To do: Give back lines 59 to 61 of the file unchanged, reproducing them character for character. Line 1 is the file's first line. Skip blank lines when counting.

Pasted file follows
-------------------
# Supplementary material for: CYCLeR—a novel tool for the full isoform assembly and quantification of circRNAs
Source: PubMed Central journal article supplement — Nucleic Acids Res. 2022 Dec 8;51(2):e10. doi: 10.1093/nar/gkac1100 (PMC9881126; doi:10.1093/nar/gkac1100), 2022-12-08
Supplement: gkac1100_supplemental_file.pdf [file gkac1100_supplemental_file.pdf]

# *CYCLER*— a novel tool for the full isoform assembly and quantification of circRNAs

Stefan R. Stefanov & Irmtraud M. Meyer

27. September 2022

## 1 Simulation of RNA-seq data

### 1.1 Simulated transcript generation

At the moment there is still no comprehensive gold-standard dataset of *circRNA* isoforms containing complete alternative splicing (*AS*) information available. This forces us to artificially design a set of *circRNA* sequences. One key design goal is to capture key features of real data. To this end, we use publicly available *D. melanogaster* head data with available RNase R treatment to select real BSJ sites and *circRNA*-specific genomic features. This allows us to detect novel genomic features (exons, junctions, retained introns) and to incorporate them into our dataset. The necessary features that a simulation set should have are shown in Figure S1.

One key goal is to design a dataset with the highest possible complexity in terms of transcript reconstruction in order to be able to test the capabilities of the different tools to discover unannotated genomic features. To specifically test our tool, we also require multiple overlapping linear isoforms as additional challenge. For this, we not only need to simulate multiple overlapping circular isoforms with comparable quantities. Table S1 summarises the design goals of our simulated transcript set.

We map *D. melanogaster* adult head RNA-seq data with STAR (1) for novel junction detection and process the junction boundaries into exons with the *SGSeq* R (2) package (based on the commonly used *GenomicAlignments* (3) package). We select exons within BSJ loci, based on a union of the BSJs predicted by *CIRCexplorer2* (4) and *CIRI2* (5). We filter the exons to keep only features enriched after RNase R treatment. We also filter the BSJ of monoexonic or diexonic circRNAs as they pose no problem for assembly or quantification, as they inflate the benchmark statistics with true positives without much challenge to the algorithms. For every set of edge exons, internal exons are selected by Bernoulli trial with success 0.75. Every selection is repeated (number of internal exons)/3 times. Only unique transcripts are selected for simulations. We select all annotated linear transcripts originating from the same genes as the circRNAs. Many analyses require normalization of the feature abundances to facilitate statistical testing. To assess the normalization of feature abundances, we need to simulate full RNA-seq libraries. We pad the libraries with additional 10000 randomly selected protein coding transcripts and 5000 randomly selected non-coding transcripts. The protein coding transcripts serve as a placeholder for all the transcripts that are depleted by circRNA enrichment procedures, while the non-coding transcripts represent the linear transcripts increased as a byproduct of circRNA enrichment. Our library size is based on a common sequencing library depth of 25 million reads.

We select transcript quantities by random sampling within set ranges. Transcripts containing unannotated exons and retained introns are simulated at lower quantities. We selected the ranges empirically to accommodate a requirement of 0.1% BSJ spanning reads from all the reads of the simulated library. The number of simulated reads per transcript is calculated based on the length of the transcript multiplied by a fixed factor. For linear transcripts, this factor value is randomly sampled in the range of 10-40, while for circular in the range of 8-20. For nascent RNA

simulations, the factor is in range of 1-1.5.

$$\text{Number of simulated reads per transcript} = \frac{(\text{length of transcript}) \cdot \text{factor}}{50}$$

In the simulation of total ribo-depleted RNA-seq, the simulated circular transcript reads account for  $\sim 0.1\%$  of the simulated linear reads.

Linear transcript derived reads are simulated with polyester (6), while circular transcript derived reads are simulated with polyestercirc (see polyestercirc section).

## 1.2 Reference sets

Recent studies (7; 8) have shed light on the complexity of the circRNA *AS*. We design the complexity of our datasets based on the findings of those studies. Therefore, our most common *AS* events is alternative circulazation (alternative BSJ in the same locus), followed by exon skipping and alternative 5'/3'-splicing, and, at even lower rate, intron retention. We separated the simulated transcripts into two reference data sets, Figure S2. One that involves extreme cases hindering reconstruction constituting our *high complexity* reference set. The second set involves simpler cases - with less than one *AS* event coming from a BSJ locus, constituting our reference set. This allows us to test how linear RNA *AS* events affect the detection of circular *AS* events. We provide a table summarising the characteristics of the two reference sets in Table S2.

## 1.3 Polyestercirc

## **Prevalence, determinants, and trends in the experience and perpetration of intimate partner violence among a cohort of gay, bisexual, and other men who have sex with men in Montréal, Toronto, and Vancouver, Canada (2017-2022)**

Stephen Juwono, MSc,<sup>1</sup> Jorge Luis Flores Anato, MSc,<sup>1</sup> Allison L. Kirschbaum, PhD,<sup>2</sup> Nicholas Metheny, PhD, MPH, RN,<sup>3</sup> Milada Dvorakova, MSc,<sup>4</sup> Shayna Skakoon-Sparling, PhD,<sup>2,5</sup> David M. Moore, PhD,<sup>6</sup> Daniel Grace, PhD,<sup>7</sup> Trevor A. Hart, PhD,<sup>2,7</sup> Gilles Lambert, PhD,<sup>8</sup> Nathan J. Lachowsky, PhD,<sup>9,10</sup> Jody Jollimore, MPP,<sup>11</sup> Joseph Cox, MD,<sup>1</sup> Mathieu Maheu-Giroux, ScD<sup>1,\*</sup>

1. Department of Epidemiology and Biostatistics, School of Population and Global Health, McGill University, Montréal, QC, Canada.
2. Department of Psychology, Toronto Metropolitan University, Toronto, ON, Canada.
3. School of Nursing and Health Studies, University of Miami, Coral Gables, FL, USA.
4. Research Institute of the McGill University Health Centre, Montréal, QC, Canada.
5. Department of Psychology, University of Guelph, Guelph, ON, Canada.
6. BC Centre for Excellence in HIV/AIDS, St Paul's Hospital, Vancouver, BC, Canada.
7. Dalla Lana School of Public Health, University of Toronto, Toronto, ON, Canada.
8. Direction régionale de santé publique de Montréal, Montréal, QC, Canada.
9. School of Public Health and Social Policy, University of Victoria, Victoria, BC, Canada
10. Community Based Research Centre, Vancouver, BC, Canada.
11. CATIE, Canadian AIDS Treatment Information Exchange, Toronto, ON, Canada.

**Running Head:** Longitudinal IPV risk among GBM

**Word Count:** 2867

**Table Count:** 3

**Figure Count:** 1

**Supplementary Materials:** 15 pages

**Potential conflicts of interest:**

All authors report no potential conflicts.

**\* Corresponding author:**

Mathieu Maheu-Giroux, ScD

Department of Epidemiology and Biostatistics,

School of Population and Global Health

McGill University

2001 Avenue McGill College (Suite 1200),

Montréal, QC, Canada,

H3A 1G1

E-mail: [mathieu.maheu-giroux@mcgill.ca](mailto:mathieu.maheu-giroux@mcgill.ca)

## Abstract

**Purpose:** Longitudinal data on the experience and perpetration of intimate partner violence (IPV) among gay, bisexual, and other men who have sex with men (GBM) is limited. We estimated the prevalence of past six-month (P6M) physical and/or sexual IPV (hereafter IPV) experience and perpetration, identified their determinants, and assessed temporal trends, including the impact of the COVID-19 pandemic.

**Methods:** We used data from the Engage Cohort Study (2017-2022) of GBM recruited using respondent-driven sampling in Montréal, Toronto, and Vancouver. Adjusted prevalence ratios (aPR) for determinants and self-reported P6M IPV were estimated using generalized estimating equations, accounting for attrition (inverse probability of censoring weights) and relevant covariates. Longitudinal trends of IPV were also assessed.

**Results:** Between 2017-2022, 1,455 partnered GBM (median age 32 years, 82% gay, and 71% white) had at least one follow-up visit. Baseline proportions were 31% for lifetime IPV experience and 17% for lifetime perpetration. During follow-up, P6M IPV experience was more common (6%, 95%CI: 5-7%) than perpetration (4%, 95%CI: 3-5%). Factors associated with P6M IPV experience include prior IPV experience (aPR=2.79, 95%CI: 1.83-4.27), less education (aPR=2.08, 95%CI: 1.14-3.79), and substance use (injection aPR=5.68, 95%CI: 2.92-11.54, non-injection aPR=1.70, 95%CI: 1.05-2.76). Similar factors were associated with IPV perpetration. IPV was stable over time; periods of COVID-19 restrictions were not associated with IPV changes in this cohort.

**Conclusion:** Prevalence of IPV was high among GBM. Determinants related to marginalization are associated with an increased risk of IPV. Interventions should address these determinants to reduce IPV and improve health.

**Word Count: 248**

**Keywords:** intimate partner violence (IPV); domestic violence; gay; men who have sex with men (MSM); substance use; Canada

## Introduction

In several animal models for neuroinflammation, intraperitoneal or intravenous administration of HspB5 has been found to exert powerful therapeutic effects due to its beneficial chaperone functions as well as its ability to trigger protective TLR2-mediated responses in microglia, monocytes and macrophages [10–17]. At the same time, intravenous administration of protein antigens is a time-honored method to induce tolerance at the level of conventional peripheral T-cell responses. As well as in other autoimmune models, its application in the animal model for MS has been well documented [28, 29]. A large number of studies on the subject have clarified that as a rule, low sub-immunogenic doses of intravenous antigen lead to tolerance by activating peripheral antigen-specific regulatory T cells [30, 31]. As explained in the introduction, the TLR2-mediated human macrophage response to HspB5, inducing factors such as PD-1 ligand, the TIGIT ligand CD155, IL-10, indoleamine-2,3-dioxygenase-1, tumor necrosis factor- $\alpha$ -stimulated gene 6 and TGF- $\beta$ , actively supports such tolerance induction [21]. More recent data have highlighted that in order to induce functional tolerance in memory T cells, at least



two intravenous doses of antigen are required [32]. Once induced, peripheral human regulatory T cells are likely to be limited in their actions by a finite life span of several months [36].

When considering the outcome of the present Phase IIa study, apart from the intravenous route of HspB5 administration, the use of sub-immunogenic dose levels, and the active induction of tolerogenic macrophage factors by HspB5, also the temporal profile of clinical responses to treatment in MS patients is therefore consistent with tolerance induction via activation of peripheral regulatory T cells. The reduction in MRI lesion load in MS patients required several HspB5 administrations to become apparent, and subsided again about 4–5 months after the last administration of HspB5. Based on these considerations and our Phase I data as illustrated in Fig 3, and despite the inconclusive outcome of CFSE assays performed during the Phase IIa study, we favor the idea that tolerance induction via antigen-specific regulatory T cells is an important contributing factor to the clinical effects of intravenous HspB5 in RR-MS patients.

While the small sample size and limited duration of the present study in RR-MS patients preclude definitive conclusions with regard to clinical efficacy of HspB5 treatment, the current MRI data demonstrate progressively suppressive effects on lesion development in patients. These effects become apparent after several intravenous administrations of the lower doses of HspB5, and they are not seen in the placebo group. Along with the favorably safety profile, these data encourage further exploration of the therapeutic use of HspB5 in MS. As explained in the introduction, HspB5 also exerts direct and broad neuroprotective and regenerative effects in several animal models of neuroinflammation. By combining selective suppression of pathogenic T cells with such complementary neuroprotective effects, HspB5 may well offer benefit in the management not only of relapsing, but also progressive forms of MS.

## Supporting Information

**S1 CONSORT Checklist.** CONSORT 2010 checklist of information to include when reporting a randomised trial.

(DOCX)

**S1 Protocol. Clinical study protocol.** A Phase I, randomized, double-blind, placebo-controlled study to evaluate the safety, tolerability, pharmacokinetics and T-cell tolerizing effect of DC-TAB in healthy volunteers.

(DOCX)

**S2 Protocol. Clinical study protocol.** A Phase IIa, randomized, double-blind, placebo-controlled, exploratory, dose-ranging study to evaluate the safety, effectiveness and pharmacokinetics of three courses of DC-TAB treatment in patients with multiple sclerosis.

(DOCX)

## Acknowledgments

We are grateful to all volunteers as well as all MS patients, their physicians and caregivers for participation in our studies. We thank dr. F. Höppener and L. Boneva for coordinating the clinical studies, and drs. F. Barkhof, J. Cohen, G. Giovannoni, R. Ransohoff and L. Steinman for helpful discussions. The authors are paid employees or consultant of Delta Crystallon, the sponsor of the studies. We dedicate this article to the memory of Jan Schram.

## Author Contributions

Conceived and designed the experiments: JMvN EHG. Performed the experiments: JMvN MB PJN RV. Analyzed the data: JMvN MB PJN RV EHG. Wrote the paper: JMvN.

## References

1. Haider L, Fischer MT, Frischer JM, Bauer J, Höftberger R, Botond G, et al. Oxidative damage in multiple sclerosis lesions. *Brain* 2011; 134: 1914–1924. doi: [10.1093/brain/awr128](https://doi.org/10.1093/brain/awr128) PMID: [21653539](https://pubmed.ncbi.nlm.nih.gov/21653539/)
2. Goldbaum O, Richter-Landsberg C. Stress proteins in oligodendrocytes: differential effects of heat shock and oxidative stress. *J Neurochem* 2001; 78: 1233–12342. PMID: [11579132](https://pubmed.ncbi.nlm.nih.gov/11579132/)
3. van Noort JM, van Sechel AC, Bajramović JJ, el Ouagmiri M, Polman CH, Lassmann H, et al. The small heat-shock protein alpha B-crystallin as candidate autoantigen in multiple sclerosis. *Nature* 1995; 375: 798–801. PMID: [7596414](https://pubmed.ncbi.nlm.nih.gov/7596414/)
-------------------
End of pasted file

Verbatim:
When considering the outcome of the present Phase IIa study, apart from the intravenous route of HspB5 administration, the use of sub-immunogenic dose levels, and the active induction of tolerogenic macrophage factors by HspB5, also the temporal profile of clinical responses to treatment in MS patients is therefore consistent with tolerance induction via activation of peripheral regulatory T cells. The reduction in MRI lesion load in MS patients required several HspB5 administrations to become apparent, and subsided again about 4–5 months after the last administration of HspB5. Based on these considerations and our Phase I data as illustrated in Fig 3, and despite the inconclusive outcome of CFSE assays performed during the Phase IIa study, we favor the idea that tolerance induction via antigen-specific regulatory T cells is an important contributing factor to the clinical effects of intravenous HspB5 in RR-MS patients.

While the small sample size and limited duration of the present study in RR-MS patients preclude definitive conclusions with regard to clinical efficacy of HspB5 treatment, the current MRI data demonstrate progressively suppressive effects on lesion development in patients. These effects become apparent after several intravenous administrations of the lower doses of HspB5, and they are not seen in the placebo group. Along with the favorably safety profile, these data encourage further exploration of the therapeutic use of HspB5 in MS. As explained in the introduction, HspB5 also exerts direct and broad neuroprotective and regenerative effects in several animal models of neuroinflammation. By combining selective suppression of pathogenic T cells with such complementary neuroprotective effects, HspB5 may well offer benefit in the management not only of relapsing, but also progressive forms of MS.

## Supporting Information